Why Mike Brown Was My Tipping Point

Photo credit: Troy Nalls

Photo credit: Troy Nalls

If you follow me on Twitter, then you know that I am very upset and borderline angry about the incidences of unarmed men being gunned down by the police. If you don’t know what I’m talking about, please Google the names “Mike Brown,” “Eric Garner” (died from an illegal chokehold), and “Ezell Ford.” I am very upset because I am all too familiar with how some police officers treat poor and black people.

Of course, we know the history in the U.S. of police brutality in poor and black communities. My first eye-opening experience happened in college. My then boyfriend was stopped by the police and harassed by them. He kept showing the officer his University of Maryland student ID, but they still treated him like a common criminal. My husband faced similar harassment from the police. We purchased a used car, and whenever he drove to northern Virginia for choir rehearsal, the police would always stop him because he and the car “fit the description.”

A week or two before these deaths, my 20-something sister, who is a mother and teacher, came to my house in tears. She could barely catch her breath because she was so upset. A local police officer stopped her for no reason and used excessive force and hostility when dealing with her. I promptly went to the police station and complained against the officer. His superior admitted my sister committed no crime and that the officer was out of line.

When I heard about the shooting death of Mike Brown, it was just a horrible reminder to me that when it comes to poor people of color, our lives simply don’t matter. This is a harsh statement, but how many times do we hear stories like these and then people give justification for the police using excessive force or for murdering someone. If you still don’t believe me, read all of the racist comments about the murder. People thanked the officer for taking another “animal” off the streets. That’s right. They called him an animal, less than human. This type of language was never used for the men who went on shooting sprees in California, Newtown, or in the movie theater in Aurora.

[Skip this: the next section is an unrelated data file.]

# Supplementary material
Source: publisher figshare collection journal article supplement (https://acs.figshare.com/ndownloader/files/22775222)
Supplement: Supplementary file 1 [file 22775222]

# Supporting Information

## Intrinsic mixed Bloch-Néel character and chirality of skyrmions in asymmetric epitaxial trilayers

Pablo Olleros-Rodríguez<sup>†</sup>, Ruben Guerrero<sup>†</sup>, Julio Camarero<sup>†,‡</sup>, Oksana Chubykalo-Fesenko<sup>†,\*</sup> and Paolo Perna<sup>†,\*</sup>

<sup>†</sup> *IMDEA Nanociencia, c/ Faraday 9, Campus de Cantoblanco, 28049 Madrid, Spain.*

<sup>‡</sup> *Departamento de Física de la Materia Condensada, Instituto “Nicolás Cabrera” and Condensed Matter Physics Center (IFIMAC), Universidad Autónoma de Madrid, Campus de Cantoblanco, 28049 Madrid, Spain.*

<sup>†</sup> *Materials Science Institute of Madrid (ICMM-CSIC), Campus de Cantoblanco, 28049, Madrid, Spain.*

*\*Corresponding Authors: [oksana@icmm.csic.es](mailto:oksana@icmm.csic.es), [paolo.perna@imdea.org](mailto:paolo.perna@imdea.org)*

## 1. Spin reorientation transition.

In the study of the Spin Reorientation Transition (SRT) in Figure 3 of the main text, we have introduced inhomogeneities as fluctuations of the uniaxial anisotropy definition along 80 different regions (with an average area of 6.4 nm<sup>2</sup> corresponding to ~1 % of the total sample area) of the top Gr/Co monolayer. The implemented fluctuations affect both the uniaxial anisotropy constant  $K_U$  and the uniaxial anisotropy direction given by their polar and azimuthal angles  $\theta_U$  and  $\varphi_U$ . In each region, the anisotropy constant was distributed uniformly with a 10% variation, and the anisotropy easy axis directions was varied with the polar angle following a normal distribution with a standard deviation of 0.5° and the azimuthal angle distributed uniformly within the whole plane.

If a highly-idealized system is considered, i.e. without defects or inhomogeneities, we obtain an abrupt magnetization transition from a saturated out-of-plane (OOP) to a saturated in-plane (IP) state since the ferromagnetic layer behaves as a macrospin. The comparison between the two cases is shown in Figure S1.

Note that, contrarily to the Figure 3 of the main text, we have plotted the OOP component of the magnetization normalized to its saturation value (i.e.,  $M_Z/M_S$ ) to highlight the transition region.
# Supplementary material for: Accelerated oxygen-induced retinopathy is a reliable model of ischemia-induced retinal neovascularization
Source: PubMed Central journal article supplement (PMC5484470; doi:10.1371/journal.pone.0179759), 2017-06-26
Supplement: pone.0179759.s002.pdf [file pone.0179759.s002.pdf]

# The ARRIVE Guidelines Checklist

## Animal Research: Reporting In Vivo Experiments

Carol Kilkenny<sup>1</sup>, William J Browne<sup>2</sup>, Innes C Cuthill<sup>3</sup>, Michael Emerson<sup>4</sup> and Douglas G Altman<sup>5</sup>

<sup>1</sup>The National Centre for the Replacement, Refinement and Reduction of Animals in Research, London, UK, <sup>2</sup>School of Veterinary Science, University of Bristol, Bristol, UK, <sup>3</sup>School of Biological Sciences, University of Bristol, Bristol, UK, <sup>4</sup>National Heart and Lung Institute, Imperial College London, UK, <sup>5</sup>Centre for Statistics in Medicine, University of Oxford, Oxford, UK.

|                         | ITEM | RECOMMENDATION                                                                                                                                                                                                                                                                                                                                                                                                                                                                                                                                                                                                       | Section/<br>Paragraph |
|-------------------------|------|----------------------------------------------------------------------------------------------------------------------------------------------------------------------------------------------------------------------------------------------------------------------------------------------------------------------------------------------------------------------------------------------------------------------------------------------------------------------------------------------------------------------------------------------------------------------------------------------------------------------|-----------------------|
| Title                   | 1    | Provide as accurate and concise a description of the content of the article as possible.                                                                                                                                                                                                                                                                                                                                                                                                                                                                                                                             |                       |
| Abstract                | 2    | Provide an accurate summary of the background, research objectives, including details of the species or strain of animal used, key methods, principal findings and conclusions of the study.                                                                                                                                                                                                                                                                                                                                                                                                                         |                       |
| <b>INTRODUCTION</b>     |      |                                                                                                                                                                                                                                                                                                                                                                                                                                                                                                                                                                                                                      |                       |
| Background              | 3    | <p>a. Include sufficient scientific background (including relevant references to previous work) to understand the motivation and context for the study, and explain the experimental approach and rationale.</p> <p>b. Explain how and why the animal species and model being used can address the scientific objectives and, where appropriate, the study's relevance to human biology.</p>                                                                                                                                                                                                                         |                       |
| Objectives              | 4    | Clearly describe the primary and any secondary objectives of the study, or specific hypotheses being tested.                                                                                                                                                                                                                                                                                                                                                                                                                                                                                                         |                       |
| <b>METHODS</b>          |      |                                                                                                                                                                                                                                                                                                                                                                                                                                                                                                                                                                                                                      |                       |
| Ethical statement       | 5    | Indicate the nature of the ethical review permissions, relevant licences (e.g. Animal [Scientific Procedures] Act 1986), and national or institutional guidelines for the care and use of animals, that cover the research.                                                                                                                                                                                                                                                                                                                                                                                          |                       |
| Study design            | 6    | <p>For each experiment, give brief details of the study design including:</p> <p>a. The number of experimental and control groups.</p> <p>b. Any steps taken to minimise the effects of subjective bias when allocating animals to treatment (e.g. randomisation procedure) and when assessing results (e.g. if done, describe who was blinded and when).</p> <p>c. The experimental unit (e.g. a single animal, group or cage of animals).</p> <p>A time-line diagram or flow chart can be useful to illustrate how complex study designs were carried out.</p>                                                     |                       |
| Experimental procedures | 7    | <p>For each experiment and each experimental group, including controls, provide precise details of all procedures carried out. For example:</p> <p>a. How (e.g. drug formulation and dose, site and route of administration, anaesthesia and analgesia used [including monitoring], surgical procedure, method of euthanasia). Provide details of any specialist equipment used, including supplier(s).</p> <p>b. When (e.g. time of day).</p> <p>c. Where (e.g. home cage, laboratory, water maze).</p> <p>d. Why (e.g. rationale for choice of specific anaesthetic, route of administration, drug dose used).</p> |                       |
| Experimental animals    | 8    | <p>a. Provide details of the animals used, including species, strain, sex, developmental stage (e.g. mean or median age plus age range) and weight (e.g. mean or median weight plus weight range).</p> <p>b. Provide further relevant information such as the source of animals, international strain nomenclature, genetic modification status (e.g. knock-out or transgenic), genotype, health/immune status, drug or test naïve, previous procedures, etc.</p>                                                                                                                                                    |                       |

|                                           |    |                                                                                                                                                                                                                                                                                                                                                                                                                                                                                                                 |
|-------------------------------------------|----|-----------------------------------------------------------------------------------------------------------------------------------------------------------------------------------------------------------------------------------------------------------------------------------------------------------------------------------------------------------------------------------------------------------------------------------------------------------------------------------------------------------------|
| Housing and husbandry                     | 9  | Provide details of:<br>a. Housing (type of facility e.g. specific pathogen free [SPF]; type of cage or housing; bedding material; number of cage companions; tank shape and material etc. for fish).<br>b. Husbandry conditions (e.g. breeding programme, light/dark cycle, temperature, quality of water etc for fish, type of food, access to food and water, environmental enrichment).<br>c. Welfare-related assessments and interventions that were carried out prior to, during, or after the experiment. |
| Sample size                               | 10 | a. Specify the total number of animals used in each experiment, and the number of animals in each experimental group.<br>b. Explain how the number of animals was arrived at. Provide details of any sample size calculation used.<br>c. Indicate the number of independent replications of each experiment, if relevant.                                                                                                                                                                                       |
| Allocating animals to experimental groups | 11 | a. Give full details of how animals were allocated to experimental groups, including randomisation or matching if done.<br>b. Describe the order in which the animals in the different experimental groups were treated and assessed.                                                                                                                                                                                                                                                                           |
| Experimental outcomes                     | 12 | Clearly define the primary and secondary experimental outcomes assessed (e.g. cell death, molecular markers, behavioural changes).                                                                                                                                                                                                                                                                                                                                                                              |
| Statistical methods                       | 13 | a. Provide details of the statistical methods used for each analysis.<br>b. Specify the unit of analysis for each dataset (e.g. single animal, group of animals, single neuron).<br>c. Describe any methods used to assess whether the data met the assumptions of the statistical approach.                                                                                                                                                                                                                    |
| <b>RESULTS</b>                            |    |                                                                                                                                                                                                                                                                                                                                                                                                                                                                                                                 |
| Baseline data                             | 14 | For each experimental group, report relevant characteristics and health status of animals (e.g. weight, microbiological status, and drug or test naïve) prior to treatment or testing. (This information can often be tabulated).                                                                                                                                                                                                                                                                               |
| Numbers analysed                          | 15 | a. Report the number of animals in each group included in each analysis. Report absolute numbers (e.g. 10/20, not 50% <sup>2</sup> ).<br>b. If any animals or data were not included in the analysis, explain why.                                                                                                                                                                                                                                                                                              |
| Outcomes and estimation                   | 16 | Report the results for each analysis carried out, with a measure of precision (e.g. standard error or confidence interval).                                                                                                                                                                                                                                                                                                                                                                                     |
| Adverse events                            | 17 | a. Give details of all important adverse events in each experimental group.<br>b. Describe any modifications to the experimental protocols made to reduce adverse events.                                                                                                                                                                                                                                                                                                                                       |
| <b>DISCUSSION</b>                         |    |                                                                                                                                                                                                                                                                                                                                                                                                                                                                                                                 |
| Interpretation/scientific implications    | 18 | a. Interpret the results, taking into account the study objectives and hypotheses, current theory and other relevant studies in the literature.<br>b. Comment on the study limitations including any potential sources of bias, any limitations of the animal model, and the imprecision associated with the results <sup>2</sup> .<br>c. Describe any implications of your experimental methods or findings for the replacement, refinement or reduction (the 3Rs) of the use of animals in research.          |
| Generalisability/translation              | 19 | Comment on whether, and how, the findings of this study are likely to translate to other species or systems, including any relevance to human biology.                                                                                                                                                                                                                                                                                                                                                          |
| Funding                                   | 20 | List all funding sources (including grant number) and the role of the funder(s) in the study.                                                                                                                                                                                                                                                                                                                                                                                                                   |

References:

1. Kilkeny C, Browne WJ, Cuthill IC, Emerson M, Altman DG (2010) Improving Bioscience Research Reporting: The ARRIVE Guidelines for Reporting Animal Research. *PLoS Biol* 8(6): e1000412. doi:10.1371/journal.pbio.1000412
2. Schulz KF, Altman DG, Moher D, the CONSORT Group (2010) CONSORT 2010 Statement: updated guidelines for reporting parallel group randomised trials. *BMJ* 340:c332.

It also breaks my heart to hear people call Mike Brown a “thug.” Why? Because usually when someone says “thug,” they’re referring to a young, black, male wearing a baseball cap and dressed in urban clothes. They also used this description to describe Trayvon Martin. Yes, there are thugs, but that is not always the case. I remember when my 6’5 college boyfriend went to the Kennedy Center for a class project. We were dressed in casual clothes because we were students. A white couple moved their seats because they didn’t want to sit next to us. No one wanted to sit next to us. Probably because they thought he was a thug.

When my younger brother was a teenager, my stepmom used to warn him about how people would perceive him because he was over 6-feet tall and weighed about 225 pounds. She would always say, “People are going to be afraid of you because you’re big, black and a male.” She would warn him not to run in the mall because “they will shoot you.”

All of this makes me extremely upset and fearful for my own son. He’s black, and I’m pretty certain he’s going to be big. He’s been in the 90th percentile for height and weight since birth. I’m always afraid people will stereotype him as “menace to society” or as a “thug.” I’ve already seen how some parents respond to my son. When he was two, we went to the My Gym in Alexandria, Virginia. A white father moved his daughter away from my son. He wouldn’t let my son play with her—a two year old! It was a painful reminder of the discrimination he will face as a black male.